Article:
http://www.eclipse.aero/news_indiv.php?id=33&n=3

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By Robert West

E-mail and teleconferencing are integral in today's marketplace.  Continue»

By Thomas Turner

There's a lot to consider before beginning your single-pilot approach.  Continue»

By Robert West

It was 1988 in Kenosha, Wisconsin. Phil Greth and his '56 G-35 Bonanza had flown in and out of the city countless times.  Continue»

By Editor Staff

The popular narrowbody A320 airliner could start rolling off a Mobile, Ala. assembly line by 2015, bringing with it 1,000 new jobs for the state. EADS, which is Airbus’ parent company, confirmed its plans for the new plant on Monday. Airbus is betting the plant will help it compete more effectively with the Boeing 737 on American turf as it expands production to keep up with its order backlog. Once the new factory ramps up to full production, Airbus expects to make up to 50 A320s per year at the plant; currently it makes about 400 of those planes each year at its plants in Europe and China. Airbus plans to ship many of the plane’s components to Mobile for assembly at the plant. Airbus had previously planned to build a military air refueling tanker in Alabama, but after several rounds of bidding, it lost the contract to Boeing.

http://www.businessweek.com/ap/2012-07-01/officials-ala-dot-airbus-plant-will-employ-1-000

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By Doug Marshall

'Honest, ociffer, all I had was boo tears - or maybe she was a gas of wine.....'  Continue»

By Editor Staff

The handful of unmanned aerial vehicle crashes at civilian airports around the world is raising questions about how safely the aircraft can mix with other airplanes, according to a Washington Post investigation. The paper reviewed government documents relating to seven crashes of Predator and Reaper drones, all since January 2011. While no one was hurt or killed in the crashes, several occurred with live missiles aboard the aircraft and could have caused much more damage than they did. The Air Force says the rate of accidents for UAVs, which are used widely in Afghanistan and parts of Africa, is about the same as the F-16 fighter’s accident rate was at the same time in its development. Several of the UAV crashes were due to either pilot error or computer problems that caused the aircraft to lose control, according to the Air Force’s investigations. The agency blamed contractors who were operating some of the drones in Africa for being inattentive or following incorrect procedures, which led to some of the crashes.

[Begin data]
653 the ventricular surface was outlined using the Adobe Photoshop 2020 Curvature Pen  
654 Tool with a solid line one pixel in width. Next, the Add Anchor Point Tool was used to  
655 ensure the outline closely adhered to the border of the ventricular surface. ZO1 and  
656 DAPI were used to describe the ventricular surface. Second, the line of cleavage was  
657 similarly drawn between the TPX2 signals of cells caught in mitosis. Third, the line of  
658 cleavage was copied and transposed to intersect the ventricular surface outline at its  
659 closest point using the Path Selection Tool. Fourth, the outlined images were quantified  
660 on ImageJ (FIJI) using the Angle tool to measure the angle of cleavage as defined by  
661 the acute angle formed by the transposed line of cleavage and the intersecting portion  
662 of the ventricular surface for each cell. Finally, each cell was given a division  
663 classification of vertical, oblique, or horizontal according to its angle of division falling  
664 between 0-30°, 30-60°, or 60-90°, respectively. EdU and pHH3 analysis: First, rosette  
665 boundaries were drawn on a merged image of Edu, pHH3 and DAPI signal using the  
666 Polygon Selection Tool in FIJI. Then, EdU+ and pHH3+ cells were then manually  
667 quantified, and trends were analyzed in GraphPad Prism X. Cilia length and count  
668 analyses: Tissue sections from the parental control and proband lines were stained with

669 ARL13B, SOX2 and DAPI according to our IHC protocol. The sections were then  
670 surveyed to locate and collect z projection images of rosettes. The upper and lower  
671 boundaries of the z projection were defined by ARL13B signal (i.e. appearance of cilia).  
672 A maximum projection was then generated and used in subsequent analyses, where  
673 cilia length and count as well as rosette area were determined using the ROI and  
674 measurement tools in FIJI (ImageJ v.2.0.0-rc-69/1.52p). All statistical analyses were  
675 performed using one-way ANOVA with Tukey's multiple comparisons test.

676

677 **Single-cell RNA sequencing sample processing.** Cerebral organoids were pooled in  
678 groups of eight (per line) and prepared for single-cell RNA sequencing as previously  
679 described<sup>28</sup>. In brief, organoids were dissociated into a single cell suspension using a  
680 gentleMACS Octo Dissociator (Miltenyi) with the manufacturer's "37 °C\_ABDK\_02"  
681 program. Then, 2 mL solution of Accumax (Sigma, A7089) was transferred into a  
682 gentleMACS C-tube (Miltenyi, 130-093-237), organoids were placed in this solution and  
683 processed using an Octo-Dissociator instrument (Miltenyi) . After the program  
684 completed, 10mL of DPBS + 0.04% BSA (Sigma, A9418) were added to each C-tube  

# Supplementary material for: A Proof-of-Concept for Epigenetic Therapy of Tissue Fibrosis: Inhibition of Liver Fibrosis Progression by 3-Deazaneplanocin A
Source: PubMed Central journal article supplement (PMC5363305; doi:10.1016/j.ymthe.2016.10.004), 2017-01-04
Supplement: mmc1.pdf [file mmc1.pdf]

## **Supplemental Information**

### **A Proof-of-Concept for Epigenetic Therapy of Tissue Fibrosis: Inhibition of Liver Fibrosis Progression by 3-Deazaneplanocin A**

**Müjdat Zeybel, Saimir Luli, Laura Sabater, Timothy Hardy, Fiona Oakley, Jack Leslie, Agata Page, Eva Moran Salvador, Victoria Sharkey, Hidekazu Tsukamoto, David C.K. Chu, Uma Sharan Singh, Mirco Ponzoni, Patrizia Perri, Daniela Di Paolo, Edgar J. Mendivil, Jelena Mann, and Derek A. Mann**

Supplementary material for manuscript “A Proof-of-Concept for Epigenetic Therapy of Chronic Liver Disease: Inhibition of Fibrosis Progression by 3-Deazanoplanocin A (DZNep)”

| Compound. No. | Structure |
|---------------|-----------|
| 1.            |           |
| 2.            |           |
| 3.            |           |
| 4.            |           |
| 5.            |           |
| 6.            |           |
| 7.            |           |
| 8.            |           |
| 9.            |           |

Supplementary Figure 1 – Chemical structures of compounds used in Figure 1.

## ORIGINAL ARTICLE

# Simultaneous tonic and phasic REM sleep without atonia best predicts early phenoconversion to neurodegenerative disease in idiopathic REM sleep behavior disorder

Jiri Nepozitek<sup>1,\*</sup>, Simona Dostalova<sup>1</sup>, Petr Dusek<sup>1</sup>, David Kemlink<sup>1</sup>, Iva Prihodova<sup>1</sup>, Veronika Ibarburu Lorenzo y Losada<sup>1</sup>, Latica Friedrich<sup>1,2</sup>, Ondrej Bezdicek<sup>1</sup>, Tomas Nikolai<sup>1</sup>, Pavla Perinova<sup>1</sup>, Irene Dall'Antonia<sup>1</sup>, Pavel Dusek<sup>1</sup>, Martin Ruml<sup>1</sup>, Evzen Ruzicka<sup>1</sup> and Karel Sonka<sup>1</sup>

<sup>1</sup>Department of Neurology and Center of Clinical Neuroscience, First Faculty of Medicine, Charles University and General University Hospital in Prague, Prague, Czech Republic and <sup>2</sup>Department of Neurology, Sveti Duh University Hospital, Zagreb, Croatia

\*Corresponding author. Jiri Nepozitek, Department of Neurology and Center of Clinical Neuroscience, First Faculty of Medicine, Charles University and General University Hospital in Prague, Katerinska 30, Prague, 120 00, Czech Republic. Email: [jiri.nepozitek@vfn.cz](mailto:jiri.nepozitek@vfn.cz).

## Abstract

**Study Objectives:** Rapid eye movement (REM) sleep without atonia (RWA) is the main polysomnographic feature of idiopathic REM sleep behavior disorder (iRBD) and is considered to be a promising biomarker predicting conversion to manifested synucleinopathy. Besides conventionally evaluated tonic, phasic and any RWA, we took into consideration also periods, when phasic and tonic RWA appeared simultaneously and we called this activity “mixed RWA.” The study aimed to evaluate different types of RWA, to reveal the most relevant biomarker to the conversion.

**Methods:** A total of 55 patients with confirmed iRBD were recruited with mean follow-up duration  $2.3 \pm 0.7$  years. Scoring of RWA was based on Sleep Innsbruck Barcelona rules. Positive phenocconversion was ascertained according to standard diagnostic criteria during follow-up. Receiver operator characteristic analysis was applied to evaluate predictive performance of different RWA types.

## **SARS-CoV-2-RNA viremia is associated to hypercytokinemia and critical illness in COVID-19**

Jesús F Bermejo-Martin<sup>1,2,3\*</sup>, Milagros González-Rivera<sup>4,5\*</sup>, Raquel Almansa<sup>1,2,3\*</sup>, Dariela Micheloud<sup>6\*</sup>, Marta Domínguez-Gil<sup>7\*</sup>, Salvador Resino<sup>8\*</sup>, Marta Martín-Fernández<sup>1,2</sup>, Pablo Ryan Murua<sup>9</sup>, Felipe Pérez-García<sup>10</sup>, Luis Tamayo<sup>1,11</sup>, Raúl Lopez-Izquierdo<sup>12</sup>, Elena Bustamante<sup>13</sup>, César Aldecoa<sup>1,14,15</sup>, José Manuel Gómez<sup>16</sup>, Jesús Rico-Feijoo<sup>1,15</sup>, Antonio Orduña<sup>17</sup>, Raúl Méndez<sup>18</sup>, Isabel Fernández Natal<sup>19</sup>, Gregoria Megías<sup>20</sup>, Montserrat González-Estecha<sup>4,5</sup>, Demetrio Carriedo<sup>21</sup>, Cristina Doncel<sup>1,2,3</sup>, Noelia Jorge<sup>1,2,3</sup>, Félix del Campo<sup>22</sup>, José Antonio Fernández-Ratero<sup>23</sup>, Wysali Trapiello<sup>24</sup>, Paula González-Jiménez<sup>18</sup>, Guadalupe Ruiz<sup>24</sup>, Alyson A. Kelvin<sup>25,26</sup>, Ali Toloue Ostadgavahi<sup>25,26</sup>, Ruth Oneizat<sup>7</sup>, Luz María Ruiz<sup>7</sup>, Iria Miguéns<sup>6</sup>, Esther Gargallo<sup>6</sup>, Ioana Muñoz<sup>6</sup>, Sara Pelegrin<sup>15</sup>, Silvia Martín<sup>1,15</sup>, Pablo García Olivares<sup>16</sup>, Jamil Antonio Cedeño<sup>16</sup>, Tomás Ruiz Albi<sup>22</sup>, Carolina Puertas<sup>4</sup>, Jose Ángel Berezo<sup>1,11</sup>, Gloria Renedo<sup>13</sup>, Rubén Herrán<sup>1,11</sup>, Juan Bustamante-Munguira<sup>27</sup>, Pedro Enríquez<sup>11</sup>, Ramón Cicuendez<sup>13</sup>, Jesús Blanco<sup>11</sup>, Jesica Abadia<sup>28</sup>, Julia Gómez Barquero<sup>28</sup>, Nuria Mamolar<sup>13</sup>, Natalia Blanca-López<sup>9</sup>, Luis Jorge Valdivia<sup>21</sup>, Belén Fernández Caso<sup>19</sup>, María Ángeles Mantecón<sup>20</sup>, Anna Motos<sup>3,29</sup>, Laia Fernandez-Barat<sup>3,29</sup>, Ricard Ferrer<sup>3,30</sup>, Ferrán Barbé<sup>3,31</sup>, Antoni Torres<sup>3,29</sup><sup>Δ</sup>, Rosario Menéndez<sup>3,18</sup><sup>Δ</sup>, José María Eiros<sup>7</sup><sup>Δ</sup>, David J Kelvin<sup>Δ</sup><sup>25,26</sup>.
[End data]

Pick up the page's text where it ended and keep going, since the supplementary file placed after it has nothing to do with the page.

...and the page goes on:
http://www.washingtonpost.com/world/national-security/drone-crashes-mount-at-civilian-airports-overseas/2012/11/30/e75a13e4-3a39-11e2-83f9-fb7ac9b29fad_story.html

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By John Dale

After I received this package I was quite nervous about doing a review. I put it off with one excuse and another until after rebuilding a burnt out computer and after getting a polite reminder from Flight1 Software, I finally got at the review.  Continue»

By Jeff Pardo

According to a recent study, the elapsed time between the first indications of a hidden fire and the point at which an airliner becomes catastrophically uncontrollable has ranged between seven and 35 minutes. The average time is about 20 minutes. Twenty minutes is a long time, but the bad news is that those occurrences involved airliners. Things happen a good bit faster inside smaller aircraft.  Continue»

By Reader Submission

By almost anyone’s definition, the Douglas DC-3 is one of the ten most successful airplanes in aviation’s short history.  Continue»

By Jeff Pardo

Anyone who has ever watched an airliner land and noticed the puff of blue smoke that appears the moment the wheels suddenly spin up from zero to somewhere upwards of 140 miles an hour (to use ground-pounder units) must wonder at the abuse those poor tires must take (as well as wondering why they don’t spin them up to somewhere around that speed, first). Heck, the tires on even our own little bug-smashers take quite a pounding, and I don’t mean from bounced landings, either.  Continue»